Few things are as comforting as a book. Reaching for a well-thumbed favorite or getting lost in something completely new can simultaneously calm and distract the mind. And with most major book and author events canceled for the immediate future, now is a good time for children and adults alike to escape in a book.
Fortunately for us, Madison book experts have plenty of suggestions when it comes to your next read.
Jody Mohrbacher, youth collection development librarian for the Madison Public Library, used the library’s Novelist K-8 database, available to any South Central Library user and accessed with a library card number, and searched words like “resiliency,” “pandemics,” “epidemics,” “anxiety” and “boredom” to develop book suggestions for children and young adults during the quarantine.
She said there are lots of reasons everyone should take advantage of this time and up their reading.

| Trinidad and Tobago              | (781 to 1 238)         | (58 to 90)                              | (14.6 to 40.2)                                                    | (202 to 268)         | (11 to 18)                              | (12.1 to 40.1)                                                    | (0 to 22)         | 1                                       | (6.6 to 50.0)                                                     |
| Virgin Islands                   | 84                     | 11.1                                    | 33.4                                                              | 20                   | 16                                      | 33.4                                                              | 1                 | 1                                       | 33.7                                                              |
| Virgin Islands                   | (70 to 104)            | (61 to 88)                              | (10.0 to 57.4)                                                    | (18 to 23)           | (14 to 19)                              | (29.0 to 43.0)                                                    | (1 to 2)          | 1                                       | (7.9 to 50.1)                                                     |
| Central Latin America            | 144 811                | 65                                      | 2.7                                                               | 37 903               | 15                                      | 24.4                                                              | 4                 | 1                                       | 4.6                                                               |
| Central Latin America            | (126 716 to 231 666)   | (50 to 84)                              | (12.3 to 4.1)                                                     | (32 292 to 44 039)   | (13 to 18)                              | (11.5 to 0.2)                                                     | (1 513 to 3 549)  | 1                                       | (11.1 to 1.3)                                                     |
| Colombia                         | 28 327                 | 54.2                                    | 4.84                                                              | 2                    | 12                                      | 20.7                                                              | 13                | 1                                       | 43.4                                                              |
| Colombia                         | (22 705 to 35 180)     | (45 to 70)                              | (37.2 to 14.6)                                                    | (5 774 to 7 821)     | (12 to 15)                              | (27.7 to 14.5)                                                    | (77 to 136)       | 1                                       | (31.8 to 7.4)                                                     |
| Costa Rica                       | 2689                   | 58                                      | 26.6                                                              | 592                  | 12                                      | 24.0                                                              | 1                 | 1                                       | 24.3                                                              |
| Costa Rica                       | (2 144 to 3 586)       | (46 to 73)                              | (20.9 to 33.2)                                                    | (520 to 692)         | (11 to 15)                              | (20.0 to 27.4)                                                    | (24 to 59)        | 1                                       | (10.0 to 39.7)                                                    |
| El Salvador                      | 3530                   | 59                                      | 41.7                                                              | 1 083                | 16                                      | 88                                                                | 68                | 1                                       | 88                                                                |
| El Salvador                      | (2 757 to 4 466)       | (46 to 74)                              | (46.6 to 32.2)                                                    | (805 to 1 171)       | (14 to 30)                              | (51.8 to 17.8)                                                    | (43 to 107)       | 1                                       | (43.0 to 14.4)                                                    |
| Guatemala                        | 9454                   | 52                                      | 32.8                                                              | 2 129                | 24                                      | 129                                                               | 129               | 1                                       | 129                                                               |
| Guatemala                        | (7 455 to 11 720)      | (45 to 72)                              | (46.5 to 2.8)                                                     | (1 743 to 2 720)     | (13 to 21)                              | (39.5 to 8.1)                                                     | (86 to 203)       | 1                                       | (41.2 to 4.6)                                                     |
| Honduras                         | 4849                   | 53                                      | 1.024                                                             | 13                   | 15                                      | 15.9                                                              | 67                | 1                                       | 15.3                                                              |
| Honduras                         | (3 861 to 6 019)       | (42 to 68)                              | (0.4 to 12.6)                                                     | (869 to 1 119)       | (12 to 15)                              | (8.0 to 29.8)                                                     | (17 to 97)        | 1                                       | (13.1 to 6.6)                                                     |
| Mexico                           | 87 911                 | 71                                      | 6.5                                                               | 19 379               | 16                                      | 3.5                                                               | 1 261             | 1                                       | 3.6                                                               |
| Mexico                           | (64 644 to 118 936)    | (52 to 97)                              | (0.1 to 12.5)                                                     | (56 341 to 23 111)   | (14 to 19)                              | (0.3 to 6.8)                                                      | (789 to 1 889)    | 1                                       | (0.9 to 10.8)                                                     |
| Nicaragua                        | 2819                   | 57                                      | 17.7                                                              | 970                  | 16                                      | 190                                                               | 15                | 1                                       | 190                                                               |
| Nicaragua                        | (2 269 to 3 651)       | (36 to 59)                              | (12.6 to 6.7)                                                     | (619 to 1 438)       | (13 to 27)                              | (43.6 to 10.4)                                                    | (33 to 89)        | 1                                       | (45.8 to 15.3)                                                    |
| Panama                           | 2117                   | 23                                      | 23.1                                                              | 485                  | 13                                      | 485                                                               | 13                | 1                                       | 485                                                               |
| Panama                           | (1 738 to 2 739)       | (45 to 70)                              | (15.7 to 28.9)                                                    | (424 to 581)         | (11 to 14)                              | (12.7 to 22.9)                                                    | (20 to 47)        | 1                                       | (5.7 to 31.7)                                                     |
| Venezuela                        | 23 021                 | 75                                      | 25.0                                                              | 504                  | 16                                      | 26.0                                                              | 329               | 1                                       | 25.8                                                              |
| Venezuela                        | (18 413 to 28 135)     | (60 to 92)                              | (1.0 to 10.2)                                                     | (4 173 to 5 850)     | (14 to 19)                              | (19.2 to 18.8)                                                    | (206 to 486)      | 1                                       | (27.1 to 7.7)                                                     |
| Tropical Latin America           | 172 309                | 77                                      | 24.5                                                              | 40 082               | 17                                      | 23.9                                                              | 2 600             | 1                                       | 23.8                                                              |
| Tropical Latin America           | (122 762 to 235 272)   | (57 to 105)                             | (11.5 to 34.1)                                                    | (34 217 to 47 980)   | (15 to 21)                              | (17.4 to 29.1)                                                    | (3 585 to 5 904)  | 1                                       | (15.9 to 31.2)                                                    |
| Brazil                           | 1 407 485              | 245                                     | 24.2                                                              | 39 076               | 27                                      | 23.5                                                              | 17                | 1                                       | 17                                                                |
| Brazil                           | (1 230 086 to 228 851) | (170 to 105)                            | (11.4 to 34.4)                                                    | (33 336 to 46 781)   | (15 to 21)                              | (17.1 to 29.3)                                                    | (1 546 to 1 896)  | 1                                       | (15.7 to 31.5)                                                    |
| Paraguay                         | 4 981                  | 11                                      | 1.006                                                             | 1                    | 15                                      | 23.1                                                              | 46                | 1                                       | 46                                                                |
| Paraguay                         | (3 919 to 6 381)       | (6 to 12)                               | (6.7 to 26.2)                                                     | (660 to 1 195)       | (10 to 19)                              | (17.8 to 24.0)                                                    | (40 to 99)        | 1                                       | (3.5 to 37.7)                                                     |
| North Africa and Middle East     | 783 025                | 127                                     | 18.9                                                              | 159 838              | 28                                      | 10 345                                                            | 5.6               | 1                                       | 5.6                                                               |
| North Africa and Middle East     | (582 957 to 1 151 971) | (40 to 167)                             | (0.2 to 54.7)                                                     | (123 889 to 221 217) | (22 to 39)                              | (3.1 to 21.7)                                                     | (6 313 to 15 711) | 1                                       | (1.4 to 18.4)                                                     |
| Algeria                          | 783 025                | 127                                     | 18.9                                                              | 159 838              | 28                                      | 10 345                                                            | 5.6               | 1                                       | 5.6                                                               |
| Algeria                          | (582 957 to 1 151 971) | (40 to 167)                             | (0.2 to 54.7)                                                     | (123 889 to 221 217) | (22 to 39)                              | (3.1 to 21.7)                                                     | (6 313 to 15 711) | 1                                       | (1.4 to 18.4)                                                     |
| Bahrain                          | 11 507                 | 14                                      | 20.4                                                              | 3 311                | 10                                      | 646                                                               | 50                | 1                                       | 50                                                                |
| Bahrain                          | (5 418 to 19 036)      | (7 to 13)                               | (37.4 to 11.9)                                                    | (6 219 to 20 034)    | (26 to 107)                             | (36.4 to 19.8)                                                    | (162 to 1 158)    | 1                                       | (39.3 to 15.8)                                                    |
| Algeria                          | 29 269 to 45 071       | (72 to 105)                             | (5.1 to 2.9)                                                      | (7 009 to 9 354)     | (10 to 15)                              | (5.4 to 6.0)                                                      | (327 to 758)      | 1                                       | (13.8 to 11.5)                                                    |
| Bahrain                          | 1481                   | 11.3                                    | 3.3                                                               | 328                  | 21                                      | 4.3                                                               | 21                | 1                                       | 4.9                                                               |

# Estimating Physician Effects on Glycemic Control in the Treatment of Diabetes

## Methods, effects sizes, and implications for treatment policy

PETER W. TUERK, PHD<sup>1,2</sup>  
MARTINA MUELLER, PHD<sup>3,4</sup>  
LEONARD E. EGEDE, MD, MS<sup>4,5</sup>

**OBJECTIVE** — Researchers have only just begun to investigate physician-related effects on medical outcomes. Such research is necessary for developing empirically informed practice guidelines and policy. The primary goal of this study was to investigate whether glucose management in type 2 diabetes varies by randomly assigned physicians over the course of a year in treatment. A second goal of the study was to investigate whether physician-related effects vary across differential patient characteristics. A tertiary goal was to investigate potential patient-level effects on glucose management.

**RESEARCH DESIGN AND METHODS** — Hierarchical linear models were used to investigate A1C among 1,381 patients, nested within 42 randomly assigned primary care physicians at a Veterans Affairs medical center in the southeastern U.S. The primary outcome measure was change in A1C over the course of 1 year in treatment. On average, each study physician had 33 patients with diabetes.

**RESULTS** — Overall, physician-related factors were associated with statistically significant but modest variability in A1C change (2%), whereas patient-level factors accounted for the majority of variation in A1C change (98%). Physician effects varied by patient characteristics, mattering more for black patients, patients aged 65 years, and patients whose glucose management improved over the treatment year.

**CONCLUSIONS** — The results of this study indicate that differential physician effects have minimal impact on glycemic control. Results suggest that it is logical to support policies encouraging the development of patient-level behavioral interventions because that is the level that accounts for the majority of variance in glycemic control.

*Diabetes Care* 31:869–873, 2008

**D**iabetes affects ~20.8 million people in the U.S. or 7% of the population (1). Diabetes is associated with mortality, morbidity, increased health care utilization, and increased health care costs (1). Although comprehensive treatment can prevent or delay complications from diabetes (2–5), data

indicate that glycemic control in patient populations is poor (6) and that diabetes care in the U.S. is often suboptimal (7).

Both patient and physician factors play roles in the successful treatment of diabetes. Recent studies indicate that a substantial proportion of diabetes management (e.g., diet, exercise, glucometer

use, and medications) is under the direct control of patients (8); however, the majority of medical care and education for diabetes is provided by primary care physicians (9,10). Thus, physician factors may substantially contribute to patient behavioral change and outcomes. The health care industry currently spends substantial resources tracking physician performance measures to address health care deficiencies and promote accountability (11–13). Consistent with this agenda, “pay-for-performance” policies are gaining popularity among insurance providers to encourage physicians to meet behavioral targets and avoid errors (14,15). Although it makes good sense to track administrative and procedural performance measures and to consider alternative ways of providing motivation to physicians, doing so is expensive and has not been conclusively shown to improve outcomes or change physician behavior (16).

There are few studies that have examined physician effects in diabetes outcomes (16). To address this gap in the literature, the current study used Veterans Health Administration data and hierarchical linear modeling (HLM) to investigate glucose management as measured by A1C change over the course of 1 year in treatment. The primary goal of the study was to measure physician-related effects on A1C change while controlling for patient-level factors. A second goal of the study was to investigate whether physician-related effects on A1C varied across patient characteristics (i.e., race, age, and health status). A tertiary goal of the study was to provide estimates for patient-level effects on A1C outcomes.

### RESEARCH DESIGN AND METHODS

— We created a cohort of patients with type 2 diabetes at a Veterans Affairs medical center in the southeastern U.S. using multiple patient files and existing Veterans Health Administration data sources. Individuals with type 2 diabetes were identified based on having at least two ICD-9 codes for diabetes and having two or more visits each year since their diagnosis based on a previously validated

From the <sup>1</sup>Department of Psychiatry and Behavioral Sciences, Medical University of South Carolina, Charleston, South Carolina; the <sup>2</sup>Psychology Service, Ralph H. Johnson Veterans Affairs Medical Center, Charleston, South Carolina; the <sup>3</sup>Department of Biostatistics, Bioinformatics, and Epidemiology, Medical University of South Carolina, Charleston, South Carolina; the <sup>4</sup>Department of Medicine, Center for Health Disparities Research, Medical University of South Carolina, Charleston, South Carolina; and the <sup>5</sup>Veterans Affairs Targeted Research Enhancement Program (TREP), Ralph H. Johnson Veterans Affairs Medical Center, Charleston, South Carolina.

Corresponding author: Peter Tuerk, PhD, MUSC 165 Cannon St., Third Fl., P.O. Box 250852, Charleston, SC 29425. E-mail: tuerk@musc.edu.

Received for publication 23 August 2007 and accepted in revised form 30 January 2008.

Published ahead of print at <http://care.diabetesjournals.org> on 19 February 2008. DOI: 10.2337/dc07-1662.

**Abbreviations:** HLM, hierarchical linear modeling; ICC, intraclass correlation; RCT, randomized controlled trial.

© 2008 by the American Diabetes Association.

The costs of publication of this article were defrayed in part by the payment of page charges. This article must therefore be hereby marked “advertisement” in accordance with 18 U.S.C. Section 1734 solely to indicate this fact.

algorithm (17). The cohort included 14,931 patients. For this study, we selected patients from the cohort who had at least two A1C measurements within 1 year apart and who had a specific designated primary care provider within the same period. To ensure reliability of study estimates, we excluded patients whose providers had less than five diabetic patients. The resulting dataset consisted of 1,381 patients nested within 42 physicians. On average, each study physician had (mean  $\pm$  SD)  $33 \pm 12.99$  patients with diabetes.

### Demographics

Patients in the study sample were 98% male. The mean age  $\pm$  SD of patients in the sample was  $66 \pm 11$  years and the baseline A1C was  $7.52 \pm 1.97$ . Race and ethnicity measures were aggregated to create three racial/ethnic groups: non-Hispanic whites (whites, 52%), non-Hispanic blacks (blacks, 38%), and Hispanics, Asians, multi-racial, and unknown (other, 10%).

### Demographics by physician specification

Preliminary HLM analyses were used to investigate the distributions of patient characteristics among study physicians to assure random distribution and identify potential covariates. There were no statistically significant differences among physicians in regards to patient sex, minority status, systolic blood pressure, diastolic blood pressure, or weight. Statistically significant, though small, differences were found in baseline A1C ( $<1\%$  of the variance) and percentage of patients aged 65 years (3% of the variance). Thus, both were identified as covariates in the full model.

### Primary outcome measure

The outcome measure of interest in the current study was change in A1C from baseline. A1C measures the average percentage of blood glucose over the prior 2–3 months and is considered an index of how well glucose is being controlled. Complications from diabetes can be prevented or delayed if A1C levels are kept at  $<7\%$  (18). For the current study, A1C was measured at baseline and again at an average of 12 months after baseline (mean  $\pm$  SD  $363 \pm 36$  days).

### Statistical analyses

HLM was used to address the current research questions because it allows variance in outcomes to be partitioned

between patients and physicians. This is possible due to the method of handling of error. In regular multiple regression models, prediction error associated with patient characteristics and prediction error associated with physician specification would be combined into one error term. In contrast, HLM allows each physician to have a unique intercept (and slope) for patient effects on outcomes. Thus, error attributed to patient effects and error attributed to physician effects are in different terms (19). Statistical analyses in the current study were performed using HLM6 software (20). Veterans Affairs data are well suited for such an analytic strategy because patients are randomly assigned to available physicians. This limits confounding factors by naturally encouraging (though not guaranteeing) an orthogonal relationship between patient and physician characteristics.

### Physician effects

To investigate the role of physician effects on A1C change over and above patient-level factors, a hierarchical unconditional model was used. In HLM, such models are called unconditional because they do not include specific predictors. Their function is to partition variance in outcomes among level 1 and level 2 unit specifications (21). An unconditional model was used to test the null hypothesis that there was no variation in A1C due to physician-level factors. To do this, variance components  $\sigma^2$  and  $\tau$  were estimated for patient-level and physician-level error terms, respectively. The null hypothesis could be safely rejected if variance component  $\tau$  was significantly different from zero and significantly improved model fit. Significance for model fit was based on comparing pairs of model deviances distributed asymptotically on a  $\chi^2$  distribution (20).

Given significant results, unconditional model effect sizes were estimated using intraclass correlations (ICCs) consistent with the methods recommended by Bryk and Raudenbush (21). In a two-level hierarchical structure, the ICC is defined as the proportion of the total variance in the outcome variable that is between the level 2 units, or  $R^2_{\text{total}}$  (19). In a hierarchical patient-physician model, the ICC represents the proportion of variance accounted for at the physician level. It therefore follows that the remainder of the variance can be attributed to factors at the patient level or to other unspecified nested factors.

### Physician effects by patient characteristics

“Kids can relate to the characters with the feelings and emotions that are being shown in the graphic novels,” she said. One of her suggestions, “Guts,” deals with anxiety and talks about signs of anxiety and ways to calm down if experiencing stress, she said.
“Kids can actually learn from that,” she said. “I think it’s a great way to learn and also to have hope.”
Genres such as historical fiction can show children the advances of medical technology and what scientists have learned during previous epidemics.
In addition, these books can show children how much we have to be grateful for, Mohrbacher said.
Finding a new author might also help fill the void from the canceled Wisconsin Book Festival events.
The Wisconsin Book Festival has been, for the past four years or so, made up of 40 stand alone events throughout the year, culminating in a four-day celebration in the fall, offering about 60 events, said Conor Moran, the festival’s director. But officials had to cancel about 15 events this spring when the libraries closed and crowd restrictions were put in place because of the COVID-19 coronavirus.
But all is not lost. Moran said book festival leaders are working with the Madison Writers’ Studio to produce online, do-at-home writing classes, which will include texts to read and writing prompts. “They can do it as they go, or you can do it in four months,” Moran said of the program.